The VMworld 2013 expo was all about storage, cloud (storage) and securing the data (on the storage). I wouldn’t be surprised if a trade show analyst declared this to be the enterprise storage event of the year and a preferred alternative to Storage Networking World (SNW). I’ll expect the same next year because the vendors I spoke with told me it was a good event for them. They said they met more end-users this year and most have exhibited for many years.
All in all it was a great event, but by the time I hit the expo the booth babes were looking a little rough.
I checked in with the storage-related vendors: Aberdeen, Asigra, Avere, Bluelock, Cloudbyte, Cloudfounders, Codefourtytwo, Commvault, Coraid, Dell, EMC, FalconStor, Fusion-io, Greenbytes, HDS, HP, Maginatics, Maxta, Micron, Nasuni, NetApp, Neverfail, Nexsan, Nexenta, Nimbus Data, Nutanix, Permixdata, Pure Storage, Qnap, Quantum, Racemi, Scality, Simplivity, sTec, Synology, Tegile, Tintri, Violin Memory, Virident, VirtunetSystems, WD, X-IO, Yuruware, Zadara, as well as other neat firms like Brocade, Cognizant, Rapid7, Sandbox, Splunk, Thinking Software and others.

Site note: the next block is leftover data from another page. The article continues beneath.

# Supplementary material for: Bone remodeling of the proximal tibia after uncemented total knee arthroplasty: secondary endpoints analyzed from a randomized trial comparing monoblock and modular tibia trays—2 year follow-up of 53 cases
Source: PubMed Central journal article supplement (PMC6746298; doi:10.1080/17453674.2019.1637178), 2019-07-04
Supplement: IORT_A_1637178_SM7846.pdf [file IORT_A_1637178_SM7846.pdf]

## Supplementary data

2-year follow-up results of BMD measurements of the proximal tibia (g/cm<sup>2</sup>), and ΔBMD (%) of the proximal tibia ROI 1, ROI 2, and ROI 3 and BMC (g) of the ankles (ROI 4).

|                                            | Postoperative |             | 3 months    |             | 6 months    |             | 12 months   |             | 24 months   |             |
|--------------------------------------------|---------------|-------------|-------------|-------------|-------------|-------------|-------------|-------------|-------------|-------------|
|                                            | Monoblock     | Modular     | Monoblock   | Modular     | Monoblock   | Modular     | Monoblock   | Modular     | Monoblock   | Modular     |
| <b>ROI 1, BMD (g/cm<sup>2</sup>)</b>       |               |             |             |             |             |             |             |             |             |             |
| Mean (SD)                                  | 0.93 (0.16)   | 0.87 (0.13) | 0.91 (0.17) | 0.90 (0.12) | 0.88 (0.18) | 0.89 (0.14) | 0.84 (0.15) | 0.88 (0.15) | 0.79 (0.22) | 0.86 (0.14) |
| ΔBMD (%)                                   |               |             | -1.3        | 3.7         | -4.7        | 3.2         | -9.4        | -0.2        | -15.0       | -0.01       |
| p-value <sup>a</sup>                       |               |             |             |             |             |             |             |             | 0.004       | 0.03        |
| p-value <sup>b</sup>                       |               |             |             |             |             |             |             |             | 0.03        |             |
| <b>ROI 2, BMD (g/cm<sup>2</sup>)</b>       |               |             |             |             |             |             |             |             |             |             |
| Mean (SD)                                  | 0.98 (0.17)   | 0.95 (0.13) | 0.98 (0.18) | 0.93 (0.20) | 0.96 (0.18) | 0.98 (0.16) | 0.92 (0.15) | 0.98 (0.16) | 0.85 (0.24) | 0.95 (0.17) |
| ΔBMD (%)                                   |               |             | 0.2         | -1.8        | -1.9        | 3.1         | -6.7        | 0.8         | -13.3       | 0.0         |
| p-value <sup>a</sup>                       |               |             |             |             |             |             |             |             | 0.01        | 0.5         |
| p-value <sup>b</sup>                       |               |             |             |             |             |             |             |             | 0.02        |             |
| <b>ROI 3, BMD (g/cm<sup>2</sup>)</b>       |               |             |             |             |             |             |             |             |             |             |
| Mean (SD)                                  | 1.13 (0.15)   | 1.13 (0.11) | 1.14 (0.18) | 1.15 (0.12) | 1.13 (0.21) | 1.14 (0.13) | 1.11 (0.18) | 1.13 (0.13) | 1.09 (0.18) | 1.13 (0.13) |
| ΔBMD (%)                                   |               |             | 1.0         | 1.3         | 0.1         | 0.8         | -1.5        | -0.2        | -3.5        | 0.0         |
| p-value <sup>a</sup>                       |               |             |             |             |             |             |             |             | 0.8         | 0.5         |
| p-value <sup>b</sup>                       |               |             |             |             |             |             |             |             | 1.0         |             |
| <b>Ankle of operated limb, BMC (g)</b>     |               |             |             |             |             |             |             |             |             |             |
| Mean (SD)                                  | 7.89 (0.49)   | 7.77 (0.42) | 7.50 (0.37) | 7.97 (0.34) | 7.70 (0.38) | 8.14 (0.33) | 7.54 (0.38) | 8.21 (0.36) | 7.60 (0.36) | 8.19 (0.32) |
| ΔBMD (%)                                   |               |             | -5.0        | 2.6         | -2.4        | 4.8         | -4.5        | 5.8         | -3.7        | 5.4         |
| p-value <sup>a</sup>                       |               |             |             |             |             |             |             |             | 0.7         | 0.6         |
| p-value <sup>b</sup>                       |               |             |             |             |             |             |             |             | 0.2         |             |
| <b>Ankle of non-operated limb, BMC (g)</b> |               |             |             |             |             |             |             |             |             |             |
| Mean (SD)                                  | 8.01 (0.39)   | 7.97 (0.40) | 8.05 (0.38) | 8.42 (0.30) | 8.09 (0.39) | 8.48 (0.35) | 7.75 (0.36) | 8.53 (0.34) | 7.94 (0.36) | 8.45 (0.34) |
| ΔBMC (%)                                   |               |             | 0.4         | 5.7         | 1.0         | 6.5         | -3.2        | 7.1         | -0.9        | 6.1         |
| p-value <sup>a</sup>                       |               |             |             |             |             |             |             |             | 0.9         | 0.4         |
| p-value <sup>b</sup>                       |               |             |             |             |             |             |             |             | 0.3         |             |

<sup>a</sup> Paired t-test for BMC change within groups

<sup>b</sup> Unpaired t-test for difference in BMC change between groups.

From a marketing perspective it was clear that almost all the vendors had innovative products and if you gave the salespeople a chance they could articulate what makes their particular product special. Frankly, it was important to give them a chance to talk because many booths failed to adequately communicate to passers by what their company was selling, let alone what made their particular product special. It’s easy for marketers to assume that everyone else knows as much as they do about their offering. However, they assume too much. I can name 75+ Vendors Promoting an Enterprise Solution that Uses Flash Memory — that list excludes standard HDD-based storage, and most of the software solutions, including a gazillion backup/recovery products. There are easily 200+ firms vying for the attention of enterprise storage managers, analysts and journalists.
Nimbus Data was clear. They were showing “The most resilient, future-proof flash memory storage ever.” And, it must be fast to set records.